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Got Eudaimonia? Beyond Diet and Lifestyle Change

Posted Jan 08 2012 1:04pm

by Barbara Berkeley, MD

" The ancient Greeks called it eudaimonia, and positive psychologists have adopted the term to refer to the kind of profound satisfaction and meaning one derives from raising children, training for an Olympic event, completing a college degree or helping your neighbors rebuild after a disaster. " ( NY Times,  "Get A MidLife" , 1/8/12)

 

It's a gift from the ancients!  Today's New York Times introduced me to a word I've needed and searched for; a word to take the place of the weak and poorly descriptive phrase:  "lifestyle change".  One of my early blogs on this site complained about the fact that dieters dutifully repeat a rote phrase when asked why many diets ultimately fail, "It can't just be a diet," they say, "it has to be a lifestyle change."  

Whatever that means.

 While every successful maintainer I've every met has definitely altered his/her lifestyle, the phrase "lifestyle change" is not sufficient to describe the accomplishment, nor does it provide any specifics about what that change included. Some time ago, I asked readers to come up with words that better described the experience of maintenance and that included the profound sense of transformation and accomplishment that seems to go with it.  But no words seemed strong or specific enough.

Today's NY Times has an article about modern middle age, it's drawbacks and it's benefits.  Among the good things middle-agers experience is more frequent EUDAMONIA: a sense of having accomplished something truly profound.   Bingo!  I believe that eudamonia is what separates those who just diet from those who become different people at the end.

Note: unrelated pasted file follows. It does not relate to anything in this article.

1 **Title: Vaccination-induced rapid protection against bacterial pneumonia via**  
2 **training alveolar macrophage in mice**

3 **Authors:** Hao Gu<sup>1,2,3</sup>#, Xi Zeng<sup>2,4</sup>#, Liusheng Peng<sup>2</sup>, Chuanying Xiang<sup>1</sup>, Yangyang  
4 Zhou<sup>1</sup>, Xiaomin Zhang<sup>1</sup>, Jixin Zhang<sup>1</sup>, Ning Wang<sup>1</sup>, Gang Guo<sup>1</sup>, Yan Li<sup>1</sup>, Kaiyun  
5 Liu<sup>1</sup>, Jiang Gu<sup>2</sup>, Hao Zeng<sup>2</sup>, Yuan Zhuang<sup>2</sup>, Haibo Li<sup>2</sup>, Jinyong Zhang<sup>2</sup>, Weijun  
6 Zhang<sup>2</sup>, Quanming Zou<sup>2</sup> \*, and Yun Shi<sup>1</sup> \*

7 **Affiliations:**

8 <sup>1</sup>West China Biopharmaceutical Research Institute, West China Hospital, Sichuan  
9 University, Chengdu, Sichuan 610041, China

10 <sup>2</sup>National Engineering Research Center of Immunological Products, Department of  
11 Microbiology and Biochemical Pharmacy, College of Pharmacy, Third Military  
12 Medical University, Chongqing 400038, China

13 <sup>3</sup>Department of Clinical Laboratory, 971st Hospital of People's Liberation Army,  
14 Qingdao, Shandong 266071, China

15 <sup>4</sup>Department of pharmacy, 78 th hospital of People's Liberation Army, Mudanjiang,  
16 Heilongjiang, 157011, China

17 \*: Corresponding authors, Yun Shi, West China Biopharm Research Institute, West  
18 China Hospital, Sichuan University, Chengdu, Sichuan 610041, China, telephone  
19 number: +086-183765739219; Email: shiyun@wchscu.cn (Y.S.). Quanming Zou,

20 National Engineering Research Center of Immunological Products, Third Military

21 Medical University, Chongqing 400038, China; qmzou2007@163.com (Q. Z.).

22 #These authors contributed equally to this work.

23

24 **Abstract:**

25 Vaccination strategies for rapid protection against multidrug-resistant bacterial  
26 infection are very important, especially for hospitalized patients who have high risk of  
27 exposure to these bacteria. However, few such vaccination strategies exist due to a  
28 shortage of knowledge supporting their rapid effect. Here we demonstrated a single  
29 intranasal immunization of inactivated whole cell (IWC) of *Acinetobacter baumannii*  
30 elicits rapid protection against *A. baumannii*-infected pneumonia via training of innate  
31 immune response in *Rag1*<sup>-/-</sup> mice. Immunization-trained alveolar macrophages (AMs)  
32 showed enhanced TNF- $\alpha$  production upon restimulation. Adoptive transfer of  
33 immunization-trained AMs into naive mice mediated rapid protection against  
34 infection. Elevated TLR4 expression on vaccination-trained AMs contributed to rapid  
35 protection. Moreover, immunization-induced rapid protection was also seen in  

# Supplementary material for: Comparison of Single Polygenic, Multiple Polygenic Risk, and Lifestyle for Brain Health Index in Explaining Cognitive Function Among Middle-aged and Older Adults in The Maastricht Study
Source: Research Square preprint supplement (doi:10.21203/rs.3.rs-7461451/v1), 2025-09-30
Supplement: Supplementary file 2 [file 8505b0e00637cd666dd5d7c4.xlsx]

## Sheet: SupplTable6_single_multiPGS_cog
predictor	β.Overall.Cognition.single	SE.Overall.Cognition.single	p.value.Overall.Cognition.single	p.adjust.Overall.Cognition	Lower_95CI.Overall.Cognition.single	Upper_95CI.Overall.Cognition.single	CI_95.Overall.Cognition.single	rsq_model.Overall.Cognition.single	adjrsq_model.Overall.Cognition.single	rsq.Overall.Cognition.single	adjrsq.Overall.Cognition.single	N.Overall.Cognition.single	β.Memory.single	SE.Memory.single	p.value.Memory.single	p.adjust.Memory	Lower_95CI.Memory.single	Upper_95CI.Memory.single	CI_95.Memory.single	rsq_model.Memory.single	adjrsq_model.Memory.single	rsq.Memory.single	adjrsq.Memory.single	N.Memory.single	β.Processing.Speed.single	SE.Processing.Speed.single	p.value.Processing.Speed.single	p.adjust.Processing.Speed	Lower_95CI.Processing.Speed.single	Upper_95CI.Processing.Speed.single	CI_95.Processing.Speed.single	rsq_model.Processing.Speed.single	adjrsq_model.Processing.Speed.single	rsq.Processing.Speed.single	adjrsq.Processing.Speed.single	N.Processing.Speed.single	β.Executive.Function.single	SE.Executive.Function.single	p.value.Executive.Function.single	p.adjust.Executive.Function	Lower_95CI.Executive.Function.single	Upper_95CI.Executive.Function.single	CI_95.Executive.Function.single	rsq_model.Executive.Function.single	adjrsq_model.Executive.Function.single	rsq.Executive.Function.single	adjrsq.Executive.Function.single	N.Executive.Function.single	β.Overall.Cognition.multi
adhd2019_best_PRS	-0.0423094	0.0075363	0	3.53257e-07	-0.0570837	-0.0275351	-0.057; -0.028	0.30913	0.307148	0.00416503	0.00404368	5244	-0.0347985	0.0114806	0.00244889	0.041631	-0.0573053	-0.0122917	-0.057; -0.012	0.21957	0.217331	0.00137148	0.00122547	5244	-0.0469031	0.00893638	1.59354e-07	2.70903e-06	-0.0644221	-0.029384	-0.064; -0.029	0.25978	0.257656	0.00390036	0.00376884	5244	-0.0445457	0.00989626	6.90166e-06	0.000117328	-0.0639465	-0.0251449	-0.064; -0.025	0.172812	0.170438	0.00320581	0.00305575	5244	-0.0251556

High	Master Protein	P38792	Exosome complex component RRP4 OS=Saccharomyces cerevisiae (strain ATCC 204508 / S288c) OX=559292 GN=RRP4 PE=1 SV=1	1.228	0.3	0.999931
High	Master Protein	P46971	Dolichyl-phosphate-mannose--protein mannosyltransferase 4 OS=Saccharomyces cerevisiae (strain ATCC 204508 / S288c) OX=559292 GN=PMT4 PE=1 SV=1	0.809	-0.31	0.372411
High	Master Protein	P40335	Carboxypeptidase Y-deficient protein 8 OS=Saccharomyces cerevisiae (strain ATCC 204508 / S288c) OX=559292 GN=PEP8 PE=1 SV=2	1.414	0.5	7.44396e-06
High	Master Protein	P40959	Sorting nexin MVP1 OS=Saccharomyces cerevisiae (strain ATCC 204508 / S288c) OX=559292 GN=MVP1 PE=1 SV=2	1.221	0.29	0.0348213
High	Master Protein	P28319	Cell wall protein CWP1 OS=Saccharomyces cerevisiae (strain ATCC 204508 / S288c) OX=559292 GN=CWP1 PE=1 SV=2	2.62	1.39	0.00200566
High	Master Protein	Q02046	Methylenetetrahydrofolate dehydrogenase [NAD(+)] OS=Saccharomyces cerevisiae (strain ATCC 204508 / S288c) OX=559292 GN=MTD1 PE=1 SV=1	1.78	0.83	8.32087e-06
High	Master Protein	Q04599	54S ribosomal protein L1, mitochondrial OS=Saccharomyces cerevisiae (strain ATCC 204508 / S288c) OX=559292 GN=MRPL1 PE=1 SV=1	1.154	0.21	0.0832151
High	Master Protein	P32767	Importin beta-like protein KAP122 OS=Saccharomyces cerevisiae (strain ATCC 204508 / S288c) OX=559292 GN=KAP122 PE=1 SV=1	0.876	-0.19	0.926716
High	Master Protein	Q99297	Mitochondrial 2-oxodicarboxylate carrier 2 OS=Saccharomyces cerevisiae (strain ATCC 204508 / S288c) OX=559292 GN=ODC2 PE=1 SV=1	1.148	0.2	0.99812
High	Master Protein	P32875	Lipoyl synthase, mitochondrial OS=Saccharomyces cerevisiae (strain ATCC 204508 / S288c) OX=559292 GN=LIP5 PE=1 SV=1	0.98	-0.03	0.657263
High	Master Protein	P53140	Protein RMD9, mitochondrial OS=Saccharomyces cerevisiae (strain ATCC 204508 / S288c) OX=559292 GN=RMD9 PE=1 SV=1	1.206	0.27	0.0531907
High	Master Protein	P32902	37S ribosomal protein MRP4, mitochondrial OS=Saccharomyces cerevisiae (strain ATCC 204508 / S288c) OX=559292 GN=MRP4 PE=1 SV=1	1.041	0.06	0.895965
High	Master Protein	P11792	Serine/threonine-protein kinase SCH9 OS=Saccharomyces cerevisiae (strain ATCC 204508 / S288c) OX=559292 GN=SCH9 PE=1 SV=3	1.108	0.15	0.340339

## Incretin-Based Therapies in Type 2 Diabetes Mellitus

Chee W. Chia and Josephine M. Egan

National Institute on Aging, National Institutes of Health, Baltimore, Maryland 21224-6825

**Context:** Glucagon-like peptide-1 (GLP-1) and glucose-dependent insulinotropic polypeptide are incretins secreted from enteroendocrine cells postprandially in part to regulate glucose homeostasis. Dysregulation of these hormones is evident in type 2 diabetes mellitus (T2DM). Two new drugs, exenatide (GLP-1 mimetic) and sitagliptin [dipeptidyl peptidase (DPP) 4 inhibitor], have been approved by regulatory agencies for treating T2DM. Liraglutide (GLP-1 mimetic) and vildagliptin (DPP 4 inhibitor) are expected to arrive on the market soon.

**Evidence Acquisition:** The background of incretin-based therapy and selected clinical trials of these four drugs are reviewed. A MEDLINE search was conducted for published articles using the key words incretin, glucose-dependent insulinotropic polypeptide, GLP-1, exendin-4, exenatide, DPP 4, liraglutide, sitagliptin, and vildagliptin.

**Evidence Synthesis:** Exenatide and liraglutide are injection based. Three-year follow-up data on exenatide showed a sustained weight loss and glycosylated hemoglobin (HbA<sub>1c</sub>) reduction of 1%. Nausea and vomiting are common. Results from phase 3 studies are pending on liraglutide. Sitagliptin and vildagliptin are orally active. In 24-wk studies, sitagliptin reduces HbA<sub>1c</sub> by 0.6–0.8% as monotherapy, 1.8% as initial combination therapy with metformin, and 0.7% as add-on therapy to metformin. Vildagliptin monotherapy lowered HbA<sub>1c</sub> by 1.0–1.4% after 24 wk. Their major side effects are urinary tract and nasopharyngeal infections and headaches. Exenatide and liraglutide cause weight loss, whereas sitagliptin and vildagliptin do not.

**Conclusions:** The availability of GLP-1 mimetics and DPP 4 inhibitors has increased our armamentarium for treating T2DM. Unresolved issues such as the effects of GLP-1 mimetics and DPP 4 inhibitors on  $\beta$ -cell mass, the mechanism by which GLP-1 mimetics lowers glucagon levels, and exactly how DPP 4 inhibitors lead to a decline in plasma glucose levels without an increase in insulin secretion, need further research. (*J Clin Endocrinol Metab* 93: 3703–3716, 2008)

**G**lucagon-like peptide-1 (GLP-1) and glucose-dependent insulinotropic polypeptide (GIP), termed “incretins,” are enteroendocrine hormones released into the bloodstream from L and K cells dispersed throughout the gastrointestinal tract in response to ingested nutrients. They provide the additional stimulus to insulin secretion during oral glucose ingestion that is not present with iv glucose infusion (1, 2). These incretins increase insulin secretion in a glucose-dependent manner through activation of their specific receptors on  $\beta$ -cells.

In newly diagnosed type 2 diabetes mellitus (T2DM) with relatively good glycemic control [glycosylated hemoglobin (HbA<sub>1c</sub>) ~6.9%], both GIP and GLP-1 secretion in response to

Look at the Silly  Season ads that currently fill our airwaves and magazines.  What's the message?  That diet is about fitting into smaller clothes.  That dieting is painless and can be accomplished by eating the very same foods that the SAD equates with pleasure. (Nutrisystem: Features "butternut squash ravioli", "double chocolate almond cookie").  Who are the spokepeople?  Often, they are celebrities who have long histories of gaining and losing weight.  Chances are you wouldn't believe that Oprah or Kirstie Alley had found the secret to weight loss unless they had managed to stay at lower weights for a very significant amount of time.  What are the attractions?  Women in tiny jeans and lots of makeup.  It's pretty superficial when compared to the significant tasks that anchor weight maintenance. 

What creates eudaimonia?  Achieving something big, meaningful, and real.  To do this, we need to go several steps past the usual suggestions.  Here's an example:  a weight loss tip from US magazine: "When baking, replace oil with applesauce".  The same tip for those in pursuit of eudaimonia:  "Stop baking.  Guess what? You'll live."

You can find the comments of eudaimonic maintainers scattered throughout the responses to most online articles on diet.  They generally will describe how they lost the weight and their long term regimen for keeping it off.  There is always a simplicity to it and a pride.  They worked it out!  This has created a deep satisfaction.  

As I always like to say,  losing weight is no more nor less than throwing out the trash at home.  It's great to get rid of it, but it's not a cause for intense, deeply-felt pride.  But if you can turn that nice, clean home into a showplace, a thing of beauty, a place that anchors the neighborhood...now you've got eudaimonia.   

 

 

 

 

 

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